Take a walk on the wide side...

When Fujifilm Canada asked if I'd be interested in shooting images for a book project (an internal publication I believe), I said sure. When they requested street photography? Awesome. With the XF 14mm lens?

Uh oh.

The XF 14mm f/2.8 R is fantastic—a lot of photographers have shot the hell out of this lens and wouldn't be caught dead without it in their bag (my friends Bert and Flemming have both done some seriously amazing work with it). But I tend to use it very sparingly, only in very specific situations: when I need a larger field of view (obviously); when I want to accentuate lines and play with geometry; close-up, using distortion as a visual statement of some kind. When it comes to street however...It's never been in my toolbox.

This has to do in part with habit—shoot long enough with any one focal length and you begin to see the world through that field of view—but mostly, it's about subtext. Focal lengths have distinct voices in my mind: at the wider end they clamour, like town criers, making bold announcements for all to hear. At the longer range they whisper in our ear or scream us out of the room, either intimate or invasive. I tend to lean towards the conversational tone of an extended normal range—35-50mm equivalents (23-35 APS-C). In trying to understand why that is, I've come to the conclusion that it has to do with anonymity: these are fields of view that go unnoticed, that don't call attention to themselves. Raise a wide angle or telephoto lens to your eye and you suddenly have superpowers—the world is an entirely different place. That angle of view, because it's so foreign, becomes part of the subject, for ourselves AND for the viewer. Less so with a telephoto because compression can be harder to notice, butthe impact is certainly present for the shooter. With the normal range there isn't as much of a disconnect—which means the capture isn't "tainted" by effect. I mean this as a purely optical fact, and not at all as a negative. In many ways it's a deeply philosophical difference between reality and augmented reality, something I believe can be felt to a certain extent.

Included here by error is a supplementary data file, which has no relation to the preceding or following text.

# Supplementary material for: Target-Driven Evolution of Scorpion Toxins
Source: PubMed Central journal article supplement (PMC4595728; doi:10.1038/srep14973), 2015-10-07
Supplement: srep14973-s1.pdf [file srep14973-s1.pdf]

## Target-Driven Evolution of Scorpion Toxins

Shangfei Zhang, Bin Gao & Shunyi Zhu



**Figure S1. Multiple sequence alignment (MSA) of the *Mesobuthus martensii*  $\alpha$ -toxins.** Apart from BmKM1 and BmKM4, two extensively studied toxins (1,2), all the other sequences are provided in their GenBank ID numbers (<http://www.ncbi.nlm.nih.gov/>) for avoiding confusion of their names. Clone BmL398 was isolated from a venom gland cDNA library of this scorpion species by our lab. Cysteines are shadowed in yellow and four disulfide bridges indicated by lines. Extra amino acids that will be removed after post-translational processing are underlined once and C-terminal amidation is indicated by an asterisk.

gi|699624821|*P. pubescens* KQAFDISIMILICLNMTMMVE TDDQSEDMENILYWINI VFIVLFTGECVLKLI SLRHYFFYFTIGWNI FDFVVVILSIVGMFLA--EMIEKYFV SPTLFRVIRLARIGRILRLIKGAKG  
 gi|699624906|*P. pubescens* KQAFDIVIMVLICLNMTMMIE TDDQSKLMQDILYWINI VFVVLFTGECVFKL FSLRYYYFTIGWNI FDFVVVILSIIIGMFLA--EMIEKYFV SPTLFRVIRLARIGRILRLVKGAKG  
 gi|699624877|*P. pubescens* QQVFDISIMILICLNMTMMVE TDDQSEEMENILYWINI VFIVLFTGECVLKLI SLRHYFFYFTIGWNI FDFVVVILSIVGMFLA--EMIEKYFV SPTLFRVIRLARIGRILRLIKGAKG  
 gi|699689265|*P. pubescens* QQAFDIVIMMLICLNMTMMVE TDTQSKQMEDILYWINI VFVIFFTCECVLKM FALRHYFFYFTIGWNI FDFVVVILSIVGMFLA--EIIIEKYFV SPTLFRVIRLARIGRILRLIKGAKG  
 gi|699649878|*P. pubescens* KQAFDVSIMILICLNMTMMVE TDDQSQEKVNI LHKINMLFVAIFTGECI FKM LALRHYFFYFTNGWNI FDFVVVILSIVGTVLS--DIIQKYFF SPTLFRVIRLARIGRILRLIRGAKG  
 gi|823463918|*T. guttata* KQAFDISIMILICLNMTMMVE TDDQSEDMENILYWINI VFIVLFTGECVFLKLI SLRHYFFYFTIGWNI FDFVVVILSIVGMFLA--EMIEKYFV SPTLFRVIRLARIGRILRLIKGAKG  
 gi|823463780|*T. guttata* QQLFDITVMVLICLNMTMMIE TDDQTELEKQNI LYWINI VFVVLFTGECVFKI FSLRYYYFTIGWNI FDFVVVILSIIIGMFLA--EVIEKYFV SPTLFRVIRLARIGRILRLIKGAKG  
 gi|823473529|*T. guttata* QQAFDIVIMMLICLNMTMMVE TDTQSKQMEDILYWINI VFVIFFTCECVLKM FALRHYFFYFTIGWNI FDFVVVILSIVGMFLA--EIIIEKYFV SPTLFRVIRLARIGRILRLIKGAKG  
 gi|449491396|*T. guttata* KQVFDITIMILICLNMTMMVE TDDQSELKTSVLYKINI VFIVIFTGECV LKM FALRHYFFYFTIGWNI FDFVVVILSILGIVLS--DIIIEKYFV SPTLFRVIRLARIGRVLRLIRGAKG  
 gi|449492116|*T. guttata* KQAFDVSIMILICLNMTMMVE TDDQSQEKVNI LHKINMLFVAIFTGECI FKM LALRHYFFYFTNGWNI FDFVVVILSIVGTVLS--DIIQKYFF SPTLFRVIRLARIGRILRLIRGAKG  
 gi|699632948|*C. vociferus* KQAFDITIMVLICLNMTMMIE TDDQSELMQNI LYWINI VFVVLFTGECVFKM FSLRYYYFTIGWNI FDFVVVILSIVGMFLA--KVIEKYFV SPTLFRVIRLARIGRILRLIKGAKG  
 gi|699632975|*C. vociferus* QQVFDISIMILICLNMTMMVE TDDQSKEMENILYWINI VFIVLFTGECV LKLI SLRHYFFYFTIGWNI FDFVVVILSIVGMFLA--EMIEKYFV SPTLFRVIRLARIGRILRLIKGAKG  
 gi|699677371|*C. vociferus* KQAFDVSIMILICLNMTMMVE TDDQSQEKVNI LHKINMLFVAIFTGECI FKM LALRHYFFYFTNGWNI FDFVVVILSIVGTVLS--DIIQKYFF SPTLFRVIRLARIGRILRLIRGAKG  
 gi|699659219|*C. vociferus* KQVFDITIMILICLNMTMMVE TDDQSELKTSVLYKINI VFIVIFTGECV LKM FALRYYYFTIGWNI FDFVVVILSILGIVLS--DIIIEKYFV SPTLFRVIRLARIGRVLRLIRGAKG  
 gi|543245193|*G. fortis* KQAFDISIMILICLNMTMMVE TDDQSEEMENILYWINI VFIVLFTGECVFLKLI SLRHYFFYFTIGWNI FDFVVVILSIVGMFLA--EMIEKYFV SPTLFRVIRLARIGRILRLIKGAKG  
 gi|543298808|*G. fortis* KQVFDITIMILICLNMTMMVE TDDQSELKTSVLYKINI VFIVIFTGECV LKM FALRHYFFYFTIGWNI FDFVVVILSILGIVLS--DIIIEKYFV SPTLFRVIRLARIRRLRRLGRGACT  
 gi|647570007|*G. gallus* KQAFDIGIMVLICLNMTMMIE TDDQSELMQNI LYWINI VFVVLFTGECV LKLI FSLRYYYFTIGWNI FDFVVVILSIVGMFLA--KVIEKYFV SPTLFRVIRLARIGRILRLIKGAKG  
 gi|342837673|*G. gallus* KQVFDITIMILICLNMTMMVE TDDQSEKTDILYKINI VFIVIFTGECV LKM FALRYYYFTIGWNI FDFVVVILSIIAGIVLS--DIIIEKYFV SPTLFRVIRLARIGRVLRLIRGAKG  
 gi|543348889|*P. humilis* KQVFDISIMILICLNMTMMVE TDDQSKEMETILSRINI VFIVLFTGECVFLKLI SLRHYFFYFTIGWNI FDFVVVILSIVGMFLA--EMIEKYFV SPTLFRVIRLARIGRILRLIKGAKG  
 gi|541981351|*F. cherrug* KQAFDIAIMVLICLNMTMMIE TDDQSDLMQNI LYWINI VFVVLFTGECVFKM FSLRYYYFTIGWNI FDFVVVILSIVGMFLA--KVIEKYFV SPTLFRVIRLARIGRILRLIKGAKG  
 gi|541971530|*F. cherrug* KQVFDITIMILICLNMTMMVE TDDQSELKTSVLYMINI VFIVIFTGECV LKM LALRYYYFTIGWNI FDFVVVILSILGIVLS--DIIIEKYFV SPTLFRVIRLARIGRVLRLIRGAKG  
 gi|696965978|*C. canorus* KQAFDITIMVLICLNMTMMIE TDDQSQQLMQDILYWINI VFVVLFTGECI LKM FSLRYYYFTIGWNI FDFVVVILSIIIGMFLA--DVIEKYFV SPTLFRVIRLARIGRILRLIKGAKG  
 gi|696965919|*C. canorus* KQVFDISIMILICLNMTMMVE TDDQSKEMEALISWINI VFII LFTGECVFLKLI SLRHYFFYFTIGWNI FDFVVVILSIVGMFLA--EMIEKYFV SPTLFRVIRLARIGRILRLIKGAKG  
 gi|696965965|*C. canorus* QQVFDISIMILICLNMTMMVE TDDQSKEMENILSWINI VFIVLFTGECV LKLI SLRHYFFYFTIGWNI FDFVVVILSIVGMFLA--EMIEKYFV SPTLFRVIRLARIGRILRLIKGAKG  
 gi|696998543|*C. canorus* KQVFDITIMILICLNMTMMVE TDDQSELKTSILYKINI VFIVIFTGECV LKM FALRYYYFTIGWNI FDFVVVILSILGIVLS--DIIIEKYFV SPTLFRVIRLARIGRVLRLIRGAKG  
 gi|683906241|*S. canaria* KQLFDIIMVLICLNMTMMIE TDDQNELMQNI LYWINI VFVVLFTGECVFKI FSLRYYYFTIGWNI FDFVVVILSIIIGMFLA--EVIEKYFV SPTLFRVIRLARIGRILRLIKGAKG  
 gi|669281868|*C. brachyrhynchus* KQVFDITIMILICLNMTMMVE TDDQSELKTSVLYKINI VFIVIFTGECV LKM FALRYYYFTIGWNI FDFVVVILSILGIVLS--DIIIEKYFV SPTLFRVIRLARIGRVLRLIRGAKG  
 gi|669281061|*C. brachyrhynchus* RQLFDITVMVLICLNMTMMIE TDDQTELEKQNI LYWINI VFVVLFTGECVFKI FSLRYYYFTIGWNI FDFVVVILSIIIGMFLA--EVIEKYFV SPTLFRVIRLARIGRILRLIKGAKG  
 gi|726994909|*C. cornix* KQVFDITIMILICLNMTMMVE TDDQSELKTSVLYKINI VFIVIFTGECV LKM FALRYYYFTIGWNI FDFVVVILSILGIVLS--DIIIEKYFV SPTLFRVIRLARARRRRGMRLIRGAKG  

All that being said, I'd been planning on forcing myself to shoot street with the 14mm for a very long time, if only to shake things up a bit. This assignment gave me a reason to finally go out and do it.

On a shoot for Lexus: the 14mm gave those images the right feel by accentuating the converging lines.


I've always maintained that the X100 series cameras were my natural, go to bodies for street and travel photography. I still believe that. But my almost constant use of the X-Pro2 and XF 35mm f/2 over the past months has slowly shifted my eye towards a tighter field of view, making even the 23mm feel almost too airy lately. So you can imagine the shock of the 14mm: it took me a good half-hour to get acclimated and settle in.

This has to do with pre-visualizing: when I'm shooting—in any circumstances—I often frame in my mind first. This is a reflex really. Even when I don't have accessto a camera, I'll be taking mental pictures pretty much constantly. But for this to work, what you see in your mind needs to conform to what the camera sees...otherwise you start over each and every time and lose that advantage. It's why I prefer prime lenses over zooms: I know what to expect and I can rely on it. In this case, I basically needed to let go and accept the big, shiny new playground.

Shot with the X-T1 and XF 14mm f/2.8 R


I had fun with this assignment and I'm happy with the results. If I'm perfectly honest however, it does feel like a different conversation in a way—one that isn't on the same level of...intimacy, for lack of a better term. I shot some of these from the hip, using zone focussing (which I rarely do) and there's a randomness to this that I very much enjoyed. But—and this may sound very strange—it feels like I was wearing a disguise for a few hours.

I think there's a reason why so many of the masters mostly kept to a single focal length during their career: it's part of the foundation of our visual voice. This doesn't mean we should limit ourselves, but I think at some point there's an optical aspect to how we interpret the world, a natural point of view that develops over time and allows us to bridge everything together.

Still...it's nice to try on new shoes once in awhile, right?
Now back to those good 'ol boots.

Patrick La Roque

laROQUE, 311 Lorncliff, Otterburn Park, Canada